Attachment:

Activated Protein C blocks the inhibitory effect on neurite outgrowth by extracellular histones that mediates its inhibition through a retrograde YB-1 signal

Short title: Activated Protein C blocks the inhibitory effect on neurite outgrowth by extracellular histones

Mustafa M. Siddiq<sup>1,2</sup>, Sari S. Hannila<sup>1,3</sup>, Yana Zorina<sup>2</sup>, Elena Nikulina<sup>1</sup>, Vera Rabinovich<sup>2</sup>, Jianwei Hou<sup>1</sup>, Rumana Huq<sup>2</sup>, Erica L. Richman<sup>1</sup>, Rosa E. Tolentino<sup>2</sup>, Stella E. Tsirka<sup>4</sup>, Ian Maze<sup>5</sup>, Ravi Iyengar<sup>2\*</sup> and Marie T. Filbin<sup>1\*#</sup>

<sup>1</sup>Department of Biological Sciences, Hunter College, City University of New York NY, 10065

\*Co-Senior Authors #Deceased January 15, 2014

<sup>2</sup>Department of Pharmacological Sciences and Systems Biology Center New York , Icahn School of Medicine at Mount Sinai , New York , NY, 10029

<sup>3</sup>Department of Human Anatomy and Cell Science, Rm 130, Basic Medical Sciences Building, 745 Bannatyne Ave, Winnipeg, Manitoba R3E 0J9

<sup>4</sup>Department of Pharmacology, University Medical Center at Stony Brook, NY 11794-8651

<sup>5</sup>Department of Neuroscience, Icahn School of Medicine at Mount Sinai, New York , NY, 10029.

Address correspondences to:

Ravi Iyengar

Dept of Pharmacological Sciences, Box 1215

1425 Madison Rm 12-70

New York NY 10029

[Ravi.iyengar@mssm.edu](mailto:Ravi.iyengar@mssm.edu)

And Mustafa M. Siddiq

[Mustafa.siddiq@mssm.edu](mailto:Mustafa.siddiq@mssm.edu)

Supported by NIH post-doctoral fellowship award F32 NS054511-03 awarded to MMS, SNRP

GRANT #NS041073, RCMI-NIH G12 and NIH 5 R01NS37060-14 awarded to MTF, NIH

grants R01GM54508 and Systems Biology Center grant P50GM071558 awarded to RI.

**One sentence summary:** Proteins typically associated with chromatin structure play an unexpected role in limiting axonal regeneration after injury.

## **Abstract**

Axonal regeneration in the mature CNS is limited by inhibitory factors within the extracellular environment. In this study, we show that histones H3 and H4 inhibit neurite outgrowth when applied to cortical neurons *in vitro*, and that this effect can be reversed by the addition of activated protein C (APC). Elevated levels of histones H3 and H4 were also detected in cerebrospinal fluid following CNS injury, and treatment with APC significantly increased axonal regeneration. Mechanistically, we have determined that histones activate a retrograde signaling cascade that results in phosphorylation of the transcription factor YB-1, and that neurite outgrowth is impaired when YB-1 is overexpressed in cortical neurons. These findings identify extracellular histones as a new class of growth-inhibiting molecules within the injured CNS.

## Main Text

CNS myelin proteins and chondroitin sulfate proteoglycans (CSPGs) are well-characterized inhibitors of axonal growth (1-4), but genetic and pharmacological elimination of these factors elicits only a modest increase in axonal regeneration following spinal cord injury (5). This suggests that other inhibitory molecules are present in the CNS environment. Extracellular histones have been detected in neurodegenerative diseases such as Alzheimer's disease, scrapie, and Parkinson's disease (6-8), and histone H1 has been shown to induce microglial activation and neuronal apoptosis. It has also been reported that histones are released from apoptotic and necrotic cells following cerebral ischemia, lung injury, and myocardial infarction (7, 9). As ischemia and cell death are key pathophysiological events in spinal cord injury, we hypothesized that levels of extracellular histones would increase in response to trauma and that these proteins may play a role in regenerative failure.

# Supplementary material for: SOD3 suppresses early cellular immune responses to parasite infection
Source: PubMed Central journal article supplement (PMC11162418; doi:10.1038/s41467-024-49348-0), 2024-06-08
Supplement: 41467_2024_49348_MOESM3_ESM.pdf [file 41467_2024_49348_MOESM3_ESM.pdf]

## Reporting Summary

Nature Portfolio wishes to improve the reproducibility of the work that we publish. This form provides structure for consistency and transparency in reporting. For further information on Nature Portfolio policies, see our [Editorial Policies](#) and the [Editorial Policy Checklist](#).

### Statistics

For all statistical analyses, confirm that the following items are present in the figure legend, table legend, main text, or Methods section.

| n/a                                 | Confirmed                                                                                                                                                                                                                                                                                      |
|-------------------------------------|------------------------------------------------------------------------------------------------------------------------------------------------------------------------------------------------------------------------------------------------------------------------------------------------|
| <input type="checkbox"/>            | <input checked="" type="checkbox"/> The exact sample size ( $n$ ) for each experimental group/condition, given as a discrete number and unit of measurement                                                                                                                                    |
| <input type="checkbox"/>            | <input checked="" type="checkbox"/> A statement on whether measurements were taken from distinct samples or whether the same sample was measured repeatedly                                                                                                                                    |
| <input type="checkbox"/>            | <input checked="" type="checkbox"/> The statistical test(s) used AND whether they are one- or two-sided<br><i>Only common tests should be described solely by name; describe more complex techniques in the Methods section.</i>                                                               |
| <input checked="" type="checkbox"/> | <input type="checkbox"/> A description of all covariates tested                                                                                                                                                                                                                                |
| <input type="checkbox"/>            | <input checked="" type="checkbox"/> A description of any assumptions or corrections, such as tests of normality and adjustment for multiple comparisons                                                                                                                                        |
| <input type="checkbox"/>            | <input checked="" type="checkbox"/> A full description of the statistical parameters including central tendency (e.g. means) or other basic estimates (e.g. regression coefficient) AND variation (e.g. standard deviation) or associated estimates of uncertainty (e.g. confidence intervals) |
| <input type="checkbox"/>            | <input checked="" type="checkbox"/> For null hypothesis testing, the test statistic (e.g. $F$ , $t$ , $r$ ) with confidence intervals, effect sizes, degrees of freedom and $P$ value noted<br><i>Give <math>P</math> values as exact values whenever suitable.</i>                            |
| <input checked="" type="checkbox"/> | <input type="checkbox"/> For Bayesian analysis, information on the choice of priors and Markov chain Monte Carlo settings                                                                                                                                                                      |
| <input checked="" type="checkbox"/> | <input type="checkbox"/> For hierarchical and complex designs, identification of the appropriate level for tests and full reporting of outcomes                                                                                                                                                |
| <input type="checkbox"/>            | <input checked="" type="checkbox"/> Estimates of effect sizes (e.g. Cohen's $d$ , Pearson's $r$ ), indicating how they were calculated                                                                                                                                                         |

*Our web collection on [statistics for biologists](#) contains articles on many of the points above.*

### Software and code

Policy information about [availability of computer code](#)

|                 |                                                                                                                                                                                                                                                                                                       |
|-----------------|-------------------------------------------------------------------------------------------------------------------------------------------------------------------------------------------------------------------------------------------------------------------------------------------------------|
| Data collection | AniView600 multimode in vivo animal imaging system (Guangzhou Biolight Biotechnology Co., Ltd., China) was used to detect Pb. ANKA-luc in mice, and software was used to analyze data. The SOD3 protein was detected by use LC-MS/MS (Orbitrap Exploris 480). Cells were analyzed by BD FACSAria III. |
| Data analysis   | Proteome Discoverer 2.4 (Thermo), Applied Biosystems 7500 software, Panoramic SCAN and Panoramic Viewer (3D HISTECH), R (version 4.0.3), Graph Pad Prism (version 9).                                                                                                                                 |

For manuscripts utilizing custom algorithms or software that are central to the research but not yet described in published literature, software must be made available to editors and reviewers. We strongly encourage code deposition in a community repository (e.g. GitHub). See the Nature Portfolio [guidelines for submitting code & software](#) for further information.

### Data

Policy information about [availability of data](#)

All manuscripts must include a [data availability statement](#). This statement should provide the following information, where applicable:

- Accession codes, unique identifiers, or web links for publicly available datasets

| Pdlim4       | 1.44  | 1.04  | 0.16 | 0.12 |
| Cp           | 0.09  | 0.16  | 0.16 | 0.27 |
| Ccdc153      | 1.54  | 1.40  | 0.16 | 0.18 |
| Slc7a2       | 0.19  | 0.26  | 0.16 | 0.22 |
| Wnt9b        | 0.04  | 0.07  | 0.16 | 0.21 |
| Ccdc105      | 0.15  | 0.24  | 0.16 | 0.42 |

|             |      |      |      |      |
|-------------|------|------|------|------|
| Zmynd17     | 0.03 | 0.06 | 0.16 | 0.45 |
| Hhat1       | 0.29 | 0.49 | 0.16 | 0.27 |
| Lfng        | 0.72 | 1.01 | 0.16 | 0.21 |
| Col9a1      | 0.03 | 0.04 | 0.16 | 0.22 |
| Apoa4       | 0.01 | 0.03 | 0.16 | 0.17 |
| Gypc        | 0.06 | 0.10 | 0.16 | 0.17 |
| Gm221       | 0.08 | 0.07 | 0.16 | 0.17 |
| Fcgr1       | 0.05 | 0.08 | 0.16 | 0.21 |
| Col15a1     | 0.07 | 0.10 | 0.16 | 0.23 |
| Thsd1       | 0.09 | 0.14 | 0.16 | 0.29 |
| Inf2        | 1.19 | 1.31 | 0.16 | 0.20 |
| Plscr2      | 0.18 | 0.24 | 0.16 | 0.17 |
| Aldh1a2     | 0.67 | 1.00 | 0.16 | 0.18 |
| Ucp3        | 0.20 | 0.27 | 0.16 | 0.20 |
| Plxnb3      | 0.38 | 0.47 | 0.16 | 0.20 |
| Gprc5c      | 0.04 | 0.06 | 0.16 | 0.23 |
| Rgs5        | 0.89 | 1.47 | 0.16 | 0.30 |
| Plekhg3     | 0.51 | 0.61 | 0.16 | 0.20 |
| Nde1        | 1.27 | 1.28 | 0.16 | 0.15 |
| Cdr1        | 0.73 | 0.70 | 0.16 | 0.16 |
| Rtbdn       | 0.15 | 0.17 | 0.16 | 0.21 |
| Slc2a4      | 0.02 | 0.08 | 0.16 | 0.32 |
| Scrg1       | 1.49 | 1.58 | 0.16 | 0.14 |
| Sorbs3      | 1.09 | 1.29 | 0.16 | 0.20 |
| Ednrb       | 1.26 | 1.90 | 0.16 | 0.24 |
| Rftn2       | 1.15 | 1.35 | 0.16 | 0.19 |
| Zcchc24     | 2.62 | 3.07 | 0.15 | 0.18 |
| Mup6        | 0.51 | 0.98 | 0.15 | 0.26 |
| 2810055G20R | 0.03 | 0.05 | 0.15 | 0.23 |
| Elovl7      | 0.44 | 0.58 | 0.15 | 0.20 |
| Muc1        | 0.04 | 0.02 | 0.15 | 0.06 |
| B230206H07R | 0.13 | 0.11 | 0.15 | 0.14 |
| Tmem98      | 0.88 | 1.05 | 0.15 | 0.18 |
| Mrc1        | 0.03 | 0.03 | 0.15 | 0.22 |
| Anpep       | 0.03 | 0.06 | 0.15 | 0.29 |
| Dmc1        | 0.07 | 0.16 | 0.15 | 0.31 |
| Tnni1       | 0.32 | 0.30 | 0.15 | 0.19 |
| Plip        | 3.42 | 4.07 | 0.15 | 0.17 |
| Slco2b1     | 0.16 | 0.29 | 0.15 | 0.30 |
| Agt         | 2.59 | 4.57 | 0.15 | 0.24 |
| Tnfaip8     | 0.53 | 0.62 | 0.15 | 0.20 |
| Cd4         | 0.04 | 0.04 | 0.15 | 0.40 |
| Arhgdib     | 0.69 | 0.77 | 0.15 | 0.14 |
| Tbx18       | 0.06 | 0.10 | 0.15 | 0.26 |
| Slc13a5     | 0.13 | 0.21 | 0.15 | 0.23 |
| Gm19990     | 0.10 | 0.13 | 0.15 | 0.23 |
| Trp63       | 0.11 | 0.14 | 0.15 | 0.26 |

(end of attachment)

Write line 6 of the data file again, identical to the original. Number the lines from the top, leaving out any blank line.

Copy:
<sup>2</sup>Department of Pharmacological Sciences and Systems Biology Center New York , Icahn School of Medicine at Mount Sinai , New York , NY, 10029